“One of the great things about reading a book is that you’re able to decide for yourself what happens to all the characters after it finishes. In my head, yes, Blue and Carey do have a long term relationship and, no, they don’t see Seti again, but if that’s not how you want to see it, that’s up to you.”

“By the end of the novel, some of the characters are redeemed whereas others continue the same pattern of behaviour. Was it important that the book have a few loose ends?”

“Definitely. It wouldn’t have been realistic for every character to learn important lessons and change their behaviour as a result: Poppy and Carey do, but Amelia, Taylor and Carey’s dad, for example, carry on more or less as before. In real life, there aren’t always happy endings.”

“Why did you decide to become an author/journalist? What was the turning point? When did you decide ‘this is for me’?”

“I became a journalist straight after university because it looked like an interesting career. I did some work experience, then a course, and worked my way up. I always liked being a journalist but I didn’t love it. Many years later, after I got made redundant from a job, I decided to take a creative writing class. I adored writing stories from the start and knew at once it was my absolute ambition to get a book published.”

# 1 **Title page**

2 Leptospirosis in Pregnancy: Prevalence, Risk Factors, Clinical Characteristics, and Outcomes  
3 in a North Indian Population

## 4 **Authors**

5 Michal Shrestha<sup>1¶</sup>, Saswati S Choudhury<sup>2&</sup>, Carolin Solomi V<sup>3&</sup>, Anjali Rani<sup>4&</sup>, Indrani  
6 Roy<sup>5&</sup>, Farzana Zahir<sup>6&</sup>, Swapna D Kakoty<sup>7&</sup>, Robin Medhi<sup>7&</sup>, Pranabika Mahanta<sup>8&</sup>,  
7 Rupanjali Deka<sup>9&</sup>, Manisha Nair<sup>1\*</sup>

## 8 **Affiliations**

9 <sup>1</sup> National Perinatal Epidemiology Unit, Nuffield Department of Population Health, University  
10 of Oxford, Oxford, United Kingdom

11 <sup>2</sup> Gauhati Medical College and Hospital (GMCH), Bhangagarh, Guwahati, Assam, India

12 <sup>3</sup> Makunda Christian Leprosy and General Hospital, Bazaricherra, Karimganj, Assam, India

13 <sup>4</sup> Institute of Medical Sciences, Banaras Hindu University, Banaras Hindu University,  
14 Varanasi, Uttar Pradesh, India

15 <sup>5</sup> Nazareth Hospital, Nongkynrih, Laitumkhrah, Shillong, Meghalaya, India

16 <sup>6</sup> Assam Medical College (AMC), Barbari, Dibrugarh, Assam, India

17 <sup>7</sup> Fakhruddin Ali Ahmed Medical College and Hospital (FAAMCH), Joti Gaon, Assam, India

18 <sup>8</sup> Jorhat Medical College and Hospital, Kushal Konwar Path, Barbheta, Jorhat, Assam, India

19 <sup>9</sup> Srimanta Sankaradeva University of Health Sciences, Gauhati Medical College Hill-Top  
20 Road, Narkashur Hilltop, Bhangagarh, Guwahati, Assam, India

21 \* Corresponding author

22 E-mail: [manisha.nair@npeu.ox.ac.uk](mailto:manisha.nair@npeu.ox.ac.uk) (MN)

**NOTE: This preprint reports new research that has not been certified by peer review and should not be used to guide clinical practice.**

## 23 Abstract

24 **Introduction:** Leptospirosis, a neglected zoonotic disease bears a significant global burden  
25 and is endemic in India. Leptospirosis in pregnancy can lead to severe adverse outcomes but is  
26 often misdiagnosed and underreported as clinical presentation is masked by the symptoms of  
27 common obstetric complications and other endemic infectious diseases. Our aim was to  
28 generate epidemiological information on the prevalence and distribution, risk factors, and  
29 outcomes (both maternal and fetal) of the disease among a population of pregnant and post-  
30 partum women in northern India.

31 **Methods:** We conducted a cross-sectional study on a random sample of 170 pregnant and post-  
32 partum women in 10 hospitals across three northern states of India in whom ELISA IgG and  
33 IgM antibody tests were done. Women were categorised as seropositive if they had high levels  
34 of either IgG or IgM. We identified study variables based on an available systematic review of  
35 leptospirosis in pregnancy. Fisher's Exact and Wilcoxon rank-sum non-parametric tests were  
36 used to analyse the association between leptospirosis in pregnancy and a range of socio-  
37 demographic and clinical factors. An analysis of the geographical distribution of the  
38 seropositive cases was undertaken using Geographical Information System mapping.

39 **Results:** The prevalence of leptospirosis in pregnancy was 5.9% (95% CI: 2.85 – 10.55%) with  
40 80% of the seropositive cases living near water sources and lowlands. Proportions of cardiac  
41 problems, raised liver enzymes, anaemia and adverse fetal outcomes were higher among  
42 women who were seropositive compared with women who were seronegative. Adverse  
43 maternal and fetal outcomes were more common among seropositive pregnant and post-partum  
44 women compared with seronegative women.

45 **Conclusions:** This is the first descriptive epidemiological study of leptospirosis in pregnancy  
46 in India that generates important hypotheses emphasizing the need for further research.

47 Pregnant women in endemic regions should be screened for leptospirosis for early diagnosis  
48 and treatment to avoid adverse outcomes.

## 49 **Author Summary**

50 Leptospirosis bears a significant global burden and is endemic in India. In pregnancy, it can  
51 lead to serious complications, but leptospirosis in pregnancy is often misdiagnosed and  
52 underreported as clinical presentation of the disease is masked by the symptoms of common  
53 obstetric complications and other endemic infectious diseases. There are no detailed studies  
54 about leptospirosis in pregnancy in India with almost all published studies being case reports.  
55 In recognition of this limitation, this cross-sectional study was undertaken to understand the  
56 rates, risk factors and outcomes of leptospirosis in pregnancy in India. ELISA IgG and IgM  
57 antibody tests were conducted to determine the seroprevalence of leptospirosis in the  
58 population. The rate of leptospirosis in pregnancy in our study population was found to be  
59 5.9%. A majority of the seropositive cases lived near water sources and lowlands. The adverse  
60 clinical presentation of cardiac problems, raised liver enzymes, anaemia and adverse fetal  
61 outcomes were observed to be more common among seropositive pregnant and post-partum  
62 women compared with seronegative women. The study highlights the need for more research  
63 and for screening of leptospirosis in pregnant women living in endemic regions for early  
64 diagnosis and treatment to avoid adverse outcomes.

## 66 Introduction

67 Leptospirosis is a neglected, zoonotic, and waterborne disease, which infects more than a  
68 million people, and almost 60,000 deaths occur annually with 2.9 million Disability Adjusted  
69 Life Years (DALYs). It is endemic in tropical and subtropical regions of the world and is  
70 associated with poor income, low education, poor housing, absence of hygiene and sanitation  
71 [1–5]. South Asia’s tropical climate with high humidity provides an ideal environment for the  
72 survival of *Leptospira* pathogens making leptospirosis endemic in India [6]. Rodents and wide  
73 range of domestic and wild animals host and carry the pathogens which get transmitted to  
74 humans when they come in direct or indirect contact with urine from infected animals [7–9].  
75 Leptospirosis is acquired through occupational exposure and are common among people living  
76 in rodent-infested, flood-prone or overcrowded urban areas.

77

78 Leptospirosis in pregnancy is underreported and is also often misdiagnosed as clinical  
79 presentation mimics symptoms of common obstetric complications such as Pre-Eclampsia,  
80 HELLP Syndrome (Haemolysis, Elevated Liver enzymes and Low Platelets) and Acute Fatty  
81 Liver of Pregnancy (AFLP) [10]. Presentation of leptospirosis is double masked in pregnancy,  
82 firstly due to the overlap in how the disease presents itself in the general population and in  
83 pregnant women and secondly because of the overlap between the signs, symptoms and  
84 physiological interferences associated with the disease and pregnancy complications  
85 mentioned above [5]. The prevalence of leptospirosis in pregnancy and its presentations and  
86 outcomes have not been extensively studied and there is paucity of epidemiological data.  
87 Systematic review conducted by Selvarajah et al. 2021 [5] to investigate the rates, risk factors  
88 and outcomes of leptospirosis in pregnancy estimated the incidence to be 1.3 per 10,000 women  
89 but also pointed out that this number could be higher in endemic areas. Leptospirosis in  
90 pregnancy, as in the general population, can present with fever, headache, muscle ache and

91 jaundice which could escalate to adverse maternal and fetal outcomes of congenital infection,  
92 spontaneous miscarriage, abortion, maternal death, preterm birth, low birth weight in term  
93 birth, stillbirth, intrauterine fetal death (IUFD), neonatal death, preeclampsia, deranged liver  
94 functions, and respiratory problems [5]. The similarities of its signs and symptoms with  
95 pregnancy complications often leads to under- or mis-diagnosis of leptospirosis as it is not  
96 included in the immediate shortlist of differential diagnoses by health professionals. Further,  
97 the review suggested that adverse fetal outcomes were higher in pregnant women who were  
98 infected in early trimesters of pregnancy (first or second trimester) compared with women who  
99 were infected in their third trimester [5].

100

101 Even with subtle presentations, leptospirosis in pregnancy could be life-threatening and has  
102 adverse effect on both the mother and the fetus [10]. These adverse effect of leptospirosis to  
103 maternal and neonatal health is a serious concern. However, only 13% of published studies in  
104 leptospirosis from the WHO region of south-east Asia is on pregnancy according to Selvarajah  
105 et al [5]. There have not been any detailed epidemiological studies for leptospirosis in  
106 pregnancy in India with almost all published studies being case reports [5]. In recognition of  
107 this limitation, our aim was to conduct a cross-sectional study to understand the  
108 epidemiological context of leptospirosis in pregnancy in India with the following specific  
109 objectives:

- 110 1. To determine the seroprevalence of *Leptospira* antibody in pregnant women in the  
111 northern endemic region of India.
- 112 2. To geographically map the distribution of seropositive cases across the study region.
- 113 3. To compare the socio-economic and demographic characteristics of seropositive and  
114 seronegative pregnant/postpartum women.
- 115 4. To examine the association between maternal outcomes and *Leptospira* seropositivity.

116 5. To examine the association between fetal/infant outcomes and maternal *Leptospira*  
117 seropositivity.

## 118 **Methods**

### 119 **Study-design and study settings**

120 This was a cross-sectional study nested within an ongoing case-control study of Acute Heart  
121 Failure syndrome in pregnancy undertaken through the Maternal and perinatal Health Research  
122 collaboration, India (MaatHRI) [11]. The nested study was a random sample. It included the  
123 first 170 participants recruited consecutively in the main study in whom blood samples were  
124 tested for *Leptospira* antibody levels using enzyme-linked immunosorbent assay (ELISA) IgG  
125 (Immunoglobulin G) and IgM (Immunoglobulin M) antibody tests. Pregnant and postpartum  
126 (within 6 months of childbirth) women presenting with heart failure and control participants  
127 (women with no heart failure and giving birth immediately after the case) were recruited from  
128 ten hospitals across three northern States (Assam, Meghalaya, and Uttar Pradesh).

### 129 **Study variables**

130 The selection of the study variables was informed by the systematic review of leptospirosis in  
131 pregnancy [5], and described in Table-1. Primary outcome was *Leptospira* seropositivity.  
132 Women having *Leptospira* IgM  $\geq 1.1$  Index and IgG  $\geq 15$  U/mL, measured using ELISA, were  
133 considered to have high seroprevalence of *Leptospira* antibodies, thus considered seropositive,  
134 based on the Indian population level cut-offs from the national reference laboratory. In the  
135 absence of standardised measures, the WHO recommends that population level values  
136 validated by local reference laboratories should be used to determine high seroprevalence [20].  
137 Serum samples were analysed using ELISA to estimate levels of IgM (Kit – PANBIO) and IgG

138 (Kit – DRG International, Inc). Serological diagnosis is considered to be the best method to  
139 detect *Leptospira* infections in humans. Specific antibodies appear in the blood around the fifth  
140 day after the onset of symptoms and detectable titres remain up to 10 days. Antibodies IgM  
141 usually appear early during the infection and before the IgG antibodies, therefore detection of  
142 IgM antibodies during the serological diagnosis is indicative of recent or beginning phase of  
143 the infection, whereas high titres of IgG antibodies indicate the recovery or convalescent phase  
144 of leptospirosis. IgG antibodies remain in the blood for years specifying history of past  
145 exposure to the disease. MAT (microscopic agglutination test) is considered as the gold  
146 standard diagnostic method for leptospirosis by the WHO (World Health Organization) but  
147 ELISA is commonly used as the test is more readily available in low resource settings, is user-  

“What advice would you give someone who wants to pursue English as a career, i.e. as a journalist or author?”

“You don’t need to study English to become a writer, though of course it helps to have read lots of books. In fact, my main advice to any aspiring writers would be to read a lot and to keep writing. Getting feedback from people who understand what you’re trying to do and whose opinions you trust and respect can also be helpful.”

“Which authors and/or books have most influenced your writing?”
“Too many to list here! As a child I read a lot of Nina Bawden, Elizabeth Goudge and Laura Ingalls Wilder. More modern writers whose books helped me write when I was starting out include Antony Horowitz, Jacqueline Wilson and Kate Cann.”

“_SweetFreak_ shows the darker side of social media and the internet. What is your favourite thing about them?”

“That’s easy – from a writing point of view the best thing about social media is being able to keep in touch with fans and other writers. And the best thing about the internet generally is how easy it makes research!”